Toto Wolff defends Mercedes lobbying FIA as he hits out at ‘bored’ Christian Horner

The technical regulations are set to change next season, while alterations are also being made for the remainder of 2022.

Mercedes team principal Toto Wolff believes that, were Red Bull team boss Christian Horner in his position, he would also be asking the FIA to make changes to the technical regulations.

Mercedes have been struggling for performance this season due to “porpoising” and bouncing, which was caused by the ground effect aerodynamics under the new technical regulations.

Performance on the straights has been affected by the phenomenon, and the handling of the car in the corners proved difficult when they tried to raise the ride height early in the season.

However, lap time has not been the only factor to what has been a tough year for the Silver Arrows; the violent contact with the track surface also became unsafe.

READ: Christian Horner compares himself to Man Utd football legend when asked about Toto Wolff tensions

In Azerbaijan, Sir Lewis Hamilton was left struggling to clamber out of his car due to back pain, so the FIA intervened with a technical directive at the Canadian Grand Prix a week later.

The governing body measured the cars to see how much they were oscillating, and any team with a car that bounces too much can now be told to raise their rode height.

There will be restrictions on the flexing planks that some teams have been using, as well as moving skid blocks that reduce wear and enable teams to run longer with a smooth ride.

Next season, the front wing floor edges will now be raised by 15mm – down from the initial 25 – while the diffuser throat is also set to be raised.

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More cynically, there have been suspicions from the Red Bull and Ferrari camps that the Silver Arrows pushed for the new regulations under the disguise of safety so that they could climb back to the front of the grid.

Horner indicated that the German team, upon realising that their unique design was not working within the current parameters, are now getting the governing body to intervene for them.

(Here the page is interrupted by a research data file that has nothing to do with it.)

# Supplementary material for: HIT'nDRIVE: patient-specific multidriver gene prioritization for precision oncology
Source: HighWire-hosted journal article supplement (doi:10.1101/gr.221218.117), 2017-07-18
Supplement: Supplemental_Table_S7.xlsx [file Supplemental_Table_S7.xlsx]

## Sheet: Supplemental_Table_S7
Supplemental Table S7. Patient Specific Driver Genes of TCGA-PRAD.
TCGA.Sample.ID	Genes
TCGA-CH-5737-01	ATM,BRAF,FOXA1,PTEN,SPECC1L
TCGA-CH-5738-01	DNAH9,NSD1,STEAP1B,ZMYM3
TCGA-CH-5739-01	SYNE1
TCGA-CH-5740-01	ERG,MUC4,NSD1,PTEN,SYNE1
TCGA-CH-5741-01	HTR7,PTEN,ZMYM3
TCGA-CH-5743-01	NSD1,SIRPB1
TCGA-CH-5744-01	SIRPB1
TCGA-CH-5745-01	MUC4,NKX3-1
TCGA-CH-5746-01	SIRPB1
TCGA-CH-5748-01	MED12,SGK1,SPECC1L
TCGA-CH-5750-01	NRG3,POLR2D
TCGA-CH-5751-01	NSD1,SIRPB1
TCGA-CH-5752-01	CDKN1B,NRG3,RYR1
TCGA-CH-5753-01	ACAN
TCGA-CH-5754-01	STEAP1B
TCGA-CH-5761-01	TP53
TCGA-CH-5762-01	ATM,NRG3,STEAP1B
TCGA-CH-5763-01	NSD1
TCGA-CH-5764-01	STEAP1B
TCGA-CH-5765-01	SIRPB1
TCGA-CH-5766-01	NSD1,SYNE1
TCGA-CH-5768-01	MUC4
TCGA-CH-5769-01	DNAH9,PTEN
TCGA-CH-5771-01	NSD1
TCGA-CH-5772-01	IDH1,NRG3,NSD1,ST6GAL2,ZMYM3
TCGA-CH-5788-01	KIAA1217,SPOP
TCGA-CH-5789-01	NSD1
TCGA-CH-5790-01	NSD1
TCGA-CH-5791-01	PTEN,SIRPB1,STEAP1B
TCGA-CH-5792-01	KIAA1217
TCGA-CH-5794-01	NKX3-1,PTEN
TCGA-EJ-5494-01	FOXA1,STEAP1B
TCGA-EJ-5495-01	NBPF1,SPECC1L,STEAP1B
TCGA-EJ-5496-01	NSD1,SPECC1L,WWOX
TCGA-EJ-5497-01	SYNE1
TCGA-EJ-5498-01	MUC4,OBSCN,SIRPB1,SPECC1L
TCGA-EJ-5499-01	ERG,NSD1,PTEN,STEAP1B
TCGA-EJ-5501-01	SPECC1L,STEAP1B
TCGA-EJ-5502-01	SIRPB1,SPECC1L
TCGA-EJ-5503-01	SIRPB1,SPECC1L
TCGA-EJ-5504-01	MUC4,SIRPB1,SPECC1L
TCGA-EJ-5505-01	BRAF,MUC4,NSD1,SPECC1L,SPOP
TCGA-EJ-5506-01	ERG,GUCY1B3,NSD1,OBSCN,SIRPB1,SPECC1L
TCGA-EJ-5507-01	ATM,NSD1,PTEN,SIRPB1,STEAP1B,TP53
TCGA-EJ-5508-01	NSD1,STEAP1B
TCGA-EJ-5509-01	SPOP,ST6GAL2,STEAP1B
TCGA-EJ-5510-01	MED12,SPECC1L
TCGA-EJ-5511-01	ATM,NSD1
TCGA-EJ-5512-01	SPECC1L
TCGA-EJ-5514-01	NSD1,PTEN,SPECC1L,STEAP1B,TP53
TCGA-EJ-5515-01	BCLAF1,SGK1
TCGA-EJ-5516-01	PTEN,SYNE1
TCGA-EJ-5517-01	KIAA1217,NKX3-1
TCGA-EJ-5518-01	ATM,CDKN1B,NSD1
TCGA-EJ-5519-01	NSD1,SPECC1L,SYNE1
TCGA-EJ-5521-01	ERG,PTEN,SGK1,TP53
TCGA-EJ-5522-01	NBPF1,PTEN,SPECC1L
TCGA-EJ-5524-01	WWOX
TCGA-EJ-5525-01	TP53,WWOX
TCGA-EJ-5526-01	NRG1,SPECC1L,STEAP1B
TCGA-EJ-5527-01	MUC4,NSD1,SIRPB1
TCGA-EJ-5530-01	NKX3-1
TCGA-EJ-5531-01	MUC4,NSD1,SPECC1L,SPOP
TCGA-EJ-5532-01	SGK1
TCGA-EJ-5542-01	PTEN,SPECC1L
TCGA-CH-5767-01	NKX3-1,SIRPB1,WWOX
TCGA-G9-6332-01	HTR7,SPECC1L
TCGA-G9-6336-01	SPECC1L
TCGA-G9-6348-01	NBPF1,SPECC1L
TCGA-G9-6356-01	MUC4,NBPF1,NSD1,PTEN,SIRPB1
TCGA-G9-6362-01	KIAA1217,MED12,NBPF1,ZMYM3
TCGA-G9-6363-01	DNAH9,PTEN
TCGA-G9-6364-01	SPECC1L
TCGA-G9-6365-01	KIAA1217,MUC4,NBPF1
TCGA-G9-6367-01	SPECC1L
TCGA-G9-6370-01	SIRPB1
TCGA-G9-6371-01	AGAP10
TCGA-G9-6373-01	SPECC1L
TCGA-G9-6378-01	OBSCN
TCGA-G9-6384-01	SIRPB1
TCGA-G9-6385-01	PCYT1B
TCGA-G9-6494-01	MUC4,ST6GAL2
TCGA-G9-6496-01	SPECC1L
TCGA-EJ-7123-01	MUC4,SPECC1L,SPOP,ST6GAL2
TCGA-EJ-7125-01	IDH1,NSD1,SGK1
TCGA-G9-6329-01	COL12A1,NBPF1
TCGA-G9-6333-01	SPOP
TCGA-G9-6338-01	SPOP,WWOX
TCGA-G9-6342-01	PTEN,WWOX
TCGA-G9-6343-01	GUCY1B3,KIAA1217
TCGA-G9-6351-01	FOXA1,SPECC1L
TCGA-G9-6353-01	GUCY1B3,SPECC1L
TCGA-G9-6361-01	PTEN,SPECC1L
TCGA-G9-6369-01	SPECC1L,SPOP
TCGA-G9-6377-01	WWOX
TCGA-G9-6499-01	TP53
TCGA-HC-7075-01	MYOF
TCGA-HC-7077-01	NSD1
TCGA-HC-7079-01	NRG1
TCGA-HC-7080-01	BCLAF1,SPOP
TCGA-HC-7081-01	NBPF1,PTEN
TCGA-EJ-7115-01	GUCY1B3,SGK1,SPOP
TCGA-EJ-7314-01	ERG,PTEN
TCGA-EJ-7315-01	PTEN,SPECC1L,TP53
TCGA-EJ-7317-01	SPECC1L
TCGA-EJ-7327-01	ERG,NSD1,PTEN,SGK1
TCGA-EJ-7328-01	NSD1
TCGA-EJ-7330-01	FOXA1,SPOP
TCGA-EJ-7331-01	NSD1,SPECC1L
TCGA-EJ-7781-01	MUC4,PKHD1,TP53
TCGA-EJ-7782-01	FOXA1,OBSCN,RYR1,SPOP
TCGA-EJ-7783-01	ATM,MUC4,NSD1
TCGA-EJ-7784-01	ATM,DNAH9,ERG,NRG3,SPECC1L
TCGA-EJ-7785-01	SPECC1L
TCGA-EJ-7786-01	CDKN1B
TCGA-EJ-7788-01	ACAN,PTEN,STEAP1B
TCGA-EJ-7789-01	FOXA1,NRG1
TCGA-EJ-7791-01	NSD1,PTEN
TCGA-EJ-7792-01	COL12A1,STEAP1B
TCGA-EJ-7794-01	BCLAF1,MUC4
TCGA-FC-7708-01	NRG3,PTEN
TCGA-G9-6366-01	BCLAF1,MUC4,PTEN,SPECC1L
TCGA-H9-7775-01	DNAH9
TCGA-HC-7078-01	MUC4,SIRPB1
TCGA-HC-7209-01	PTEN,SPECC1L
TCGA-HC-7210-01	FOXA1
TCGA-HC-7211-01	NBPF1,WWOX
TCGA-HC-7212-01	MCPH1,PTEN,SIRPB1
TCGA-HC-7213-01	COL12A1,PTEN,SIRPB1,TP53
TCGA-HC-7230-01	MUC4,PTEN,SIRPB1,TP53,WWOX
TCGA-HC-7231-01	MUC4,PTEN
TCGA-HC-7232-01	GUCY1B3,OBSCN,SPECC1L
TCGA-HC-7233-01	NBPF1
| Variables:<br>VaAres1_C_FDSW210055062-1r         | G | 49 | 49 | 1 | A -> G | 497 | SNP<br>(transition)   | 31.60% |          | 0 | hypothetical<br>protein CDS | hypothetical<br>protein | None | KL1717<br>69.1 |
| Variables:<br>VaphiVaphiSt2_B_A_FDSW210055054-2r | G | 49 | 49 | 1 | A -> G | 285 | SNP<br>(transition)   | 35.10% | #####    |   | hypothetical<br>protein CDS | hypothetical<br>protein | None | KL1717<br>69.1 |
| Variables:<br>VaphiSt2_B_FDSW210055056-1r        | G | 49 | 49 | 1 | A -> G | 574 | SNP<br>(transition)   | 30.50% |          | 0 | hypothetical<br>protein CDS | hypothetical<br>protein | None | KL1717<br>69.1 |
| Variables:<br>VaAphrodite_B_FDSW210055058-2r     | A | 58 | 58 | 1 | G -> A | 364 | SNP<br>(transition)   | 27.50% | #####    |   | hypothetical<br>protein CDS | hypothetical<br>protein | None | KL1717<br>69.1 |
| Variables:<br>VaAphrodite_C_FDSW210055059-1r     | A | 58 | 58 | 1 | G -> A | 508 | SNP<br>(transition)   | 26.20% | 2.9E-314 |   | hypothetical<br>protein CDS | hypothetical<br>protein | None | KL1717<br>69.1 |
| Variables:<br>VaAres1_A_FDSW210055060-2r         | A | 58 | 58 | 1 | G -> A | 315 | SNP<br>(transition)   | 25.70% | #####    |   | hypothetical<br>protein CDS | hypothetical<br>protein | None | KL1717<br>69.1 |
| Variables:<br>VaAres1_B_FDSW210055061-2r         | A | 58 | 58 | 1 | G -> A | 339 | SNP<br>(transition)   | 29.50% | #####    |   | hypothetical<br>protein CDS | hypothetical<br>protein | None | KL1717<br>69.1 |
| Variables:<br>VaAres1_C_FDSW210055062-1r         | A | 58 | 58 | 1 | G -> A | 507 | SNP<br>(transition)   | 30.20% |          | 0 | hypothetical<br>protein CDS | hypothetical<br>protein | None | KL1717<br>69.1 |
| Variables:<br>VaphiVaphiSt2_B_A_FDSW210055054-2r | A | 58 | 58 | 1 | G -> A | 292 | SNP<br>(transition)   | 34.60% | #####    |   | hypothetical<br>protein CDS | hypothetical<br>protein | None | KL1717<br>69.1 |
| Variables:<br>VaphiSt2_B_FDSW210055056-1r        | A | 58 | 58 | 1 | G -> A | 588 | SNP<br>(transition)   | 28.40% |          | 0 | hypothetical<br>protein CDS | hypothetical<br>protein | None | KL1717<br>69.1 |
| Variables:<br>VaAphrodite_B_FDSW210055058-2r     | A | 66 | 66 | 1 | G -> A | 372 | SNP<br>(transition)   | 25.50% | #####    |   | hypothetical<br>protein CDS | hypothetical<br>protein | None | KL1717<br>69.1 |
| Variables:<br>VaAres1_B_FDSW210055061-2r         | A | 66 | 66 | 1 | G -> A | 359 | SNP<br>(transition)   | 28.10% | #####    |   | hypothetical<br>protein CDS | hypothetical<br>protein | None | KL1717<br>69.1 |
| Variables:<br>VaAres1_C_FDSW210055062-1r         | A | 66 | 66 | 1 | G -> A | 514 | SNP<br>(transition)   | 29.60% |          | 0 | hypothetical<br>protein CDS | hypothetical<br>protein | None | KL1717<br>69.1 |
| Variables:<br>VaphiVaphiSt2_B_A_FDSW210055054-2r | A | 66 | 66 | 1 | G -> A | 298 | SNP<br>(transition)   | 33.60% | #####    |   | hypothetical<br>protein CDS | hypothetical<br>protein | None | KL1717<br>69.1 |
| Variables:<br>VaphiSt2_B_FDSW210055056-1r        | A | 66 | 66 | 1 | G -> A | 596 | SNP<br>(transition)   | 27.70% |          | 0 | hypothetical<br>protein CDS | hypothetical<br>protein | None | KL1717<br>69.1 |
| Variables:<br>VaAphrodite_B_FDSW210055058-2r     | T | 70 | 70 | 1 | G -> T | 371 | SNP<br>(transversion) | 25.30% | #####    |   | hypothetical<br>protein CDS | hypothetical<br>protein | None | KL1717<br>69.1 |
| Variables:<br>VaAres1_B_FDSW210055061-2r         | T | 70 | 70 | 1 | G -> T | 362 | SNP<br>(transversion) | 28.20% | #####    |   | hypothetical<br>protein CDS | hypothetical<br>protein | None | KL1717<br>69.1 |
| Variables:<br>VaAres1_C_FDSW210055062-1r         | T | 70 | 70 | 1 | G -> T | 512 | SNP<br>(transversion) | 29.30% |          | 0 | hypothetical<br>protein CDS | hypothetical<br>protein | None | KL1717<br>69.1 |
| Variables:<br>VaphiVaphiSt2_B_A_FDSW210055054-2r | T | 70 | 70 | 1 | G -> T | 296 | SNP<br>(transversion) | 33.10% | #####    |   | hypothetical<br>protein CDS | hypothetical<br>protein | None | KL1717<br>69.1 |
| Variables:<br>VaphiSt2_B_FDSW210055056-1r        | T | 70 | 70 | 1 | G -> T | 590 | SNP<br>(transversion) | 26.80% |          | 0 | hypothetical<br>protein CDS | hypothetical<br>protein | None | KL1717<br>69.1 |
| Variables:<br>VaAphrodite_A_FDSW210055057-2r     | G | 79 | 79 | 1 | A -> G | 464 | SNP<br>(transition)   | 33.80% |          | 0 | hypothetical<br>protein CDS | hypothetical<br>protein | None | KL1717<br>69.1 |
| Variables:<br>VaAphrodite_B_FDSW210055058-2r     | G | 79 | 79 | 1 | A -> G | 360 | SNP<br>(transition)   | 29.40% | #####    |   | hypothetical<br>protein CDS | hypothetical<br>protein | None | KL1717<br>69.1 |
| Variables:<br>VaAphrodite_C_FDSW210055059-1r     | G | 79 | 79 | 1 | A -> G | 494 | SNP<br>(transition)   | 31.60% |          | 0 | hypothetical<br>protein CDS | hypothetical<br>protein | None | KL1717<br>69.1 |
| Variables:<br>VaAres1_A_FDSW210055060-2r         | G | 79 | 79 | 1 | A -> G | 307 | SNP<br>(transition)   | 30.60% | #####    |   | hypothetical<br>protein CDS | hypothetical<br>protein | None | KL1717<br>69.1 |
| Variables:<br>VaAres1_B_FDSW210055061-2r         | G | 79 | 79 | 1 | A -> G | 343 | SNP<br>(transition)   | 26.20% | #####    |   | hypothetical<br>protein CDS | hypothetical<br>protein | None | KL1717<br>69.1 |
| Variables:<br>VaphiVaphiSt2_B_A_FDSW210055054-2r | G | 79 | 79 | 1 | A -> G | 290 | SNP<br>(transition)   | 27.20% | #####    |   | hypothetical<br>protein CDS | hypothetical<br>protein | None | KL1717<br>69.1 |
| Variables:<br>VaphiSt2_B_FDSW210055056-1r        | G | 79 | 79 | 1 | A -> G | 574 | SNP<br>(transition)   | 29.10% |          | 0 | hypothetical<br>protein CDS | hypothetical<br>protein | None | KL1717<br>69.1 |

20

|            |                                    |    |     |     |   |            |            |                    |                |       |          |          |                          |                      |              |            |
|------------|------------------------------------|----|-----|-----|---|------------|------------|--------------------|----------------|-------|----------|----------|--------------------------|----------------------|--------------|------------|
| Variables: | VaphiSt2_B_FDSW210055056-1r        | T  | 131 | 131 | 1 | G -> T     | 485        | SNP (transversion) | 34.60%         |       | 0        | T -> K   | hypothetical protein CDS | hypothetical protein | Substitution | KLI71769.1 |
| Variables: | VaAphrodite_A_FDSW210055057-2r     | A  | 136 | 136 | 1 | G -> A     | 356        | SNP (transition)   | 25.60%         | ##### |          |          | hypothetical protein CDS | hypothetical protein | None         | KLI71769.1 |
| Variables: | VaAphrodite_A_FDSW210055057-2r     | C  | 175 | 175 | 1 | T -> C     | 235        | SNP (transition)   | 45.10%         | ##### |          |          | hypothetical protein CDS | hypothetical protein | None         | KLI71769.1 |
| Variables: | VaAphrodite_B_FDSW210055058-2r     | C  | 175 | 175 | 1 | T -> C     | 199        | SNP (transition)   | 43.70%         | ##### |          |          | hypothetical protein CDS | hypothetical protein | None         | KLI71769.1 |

“I think there’s an awful lot of lobbying to change regulations significantly for next year so a certain team can run its car lower and benefit from that concept,” said the Briton while speaking to Sky Sports.

Wolff, however, cites Horner’s history of lobbying, an example being the engine mode changes in 2020 when Mercedes were dominating.

The Austrian suggested that, were the roles reversed, Red Bull would be doing the same thing as Mercedes right now. 

“I think he’s just bored up there at the top, that’s nice for him,” Wolff told

“So he doesn’t do any lobbying? He sits in the office and doesn’t call anyone and just does his thing?

“Working with the FIA is always part of it so I don’t know what he’s referring to, but in the end we are both part of the same circus.

“Of course, if you’re at the front, you want to make sure nothing changes. And if you’re not at the front, you want to make sure a lot of things are changing, those are the two positions it’s about.”

Hamilton and George Russell have managed seven podiums in the last six races, and there have been signs that their pace is nearly back on par with Ferrari and Red Bull at the front.

However, the bouncing problems they have been experiencing since day one are still creeping up on them.

READ: Toto Wolff surprisingly admits Mercedes gained ‘advantage’ by pressuring the FIA

Wolff also reckons that many of the drivers agree that changes were needed in the interests of safety.

“It’s not gone, the cars are far too stiff and bounce and, if you ask the drivers, a large proportion will agree – at least if you ask them anonymously,” he explained.

“There was a discussion among the drivers but nobody is talking about the outcome.

“It’s about a technical set of rules to protect the drivers, and if the cars are too stiff and bounce, you should do something about it now.”

Mercedes are currently third in the Constructors’ Standings, 30 points behind Ferrari, and 127 behind leaders Red Bull.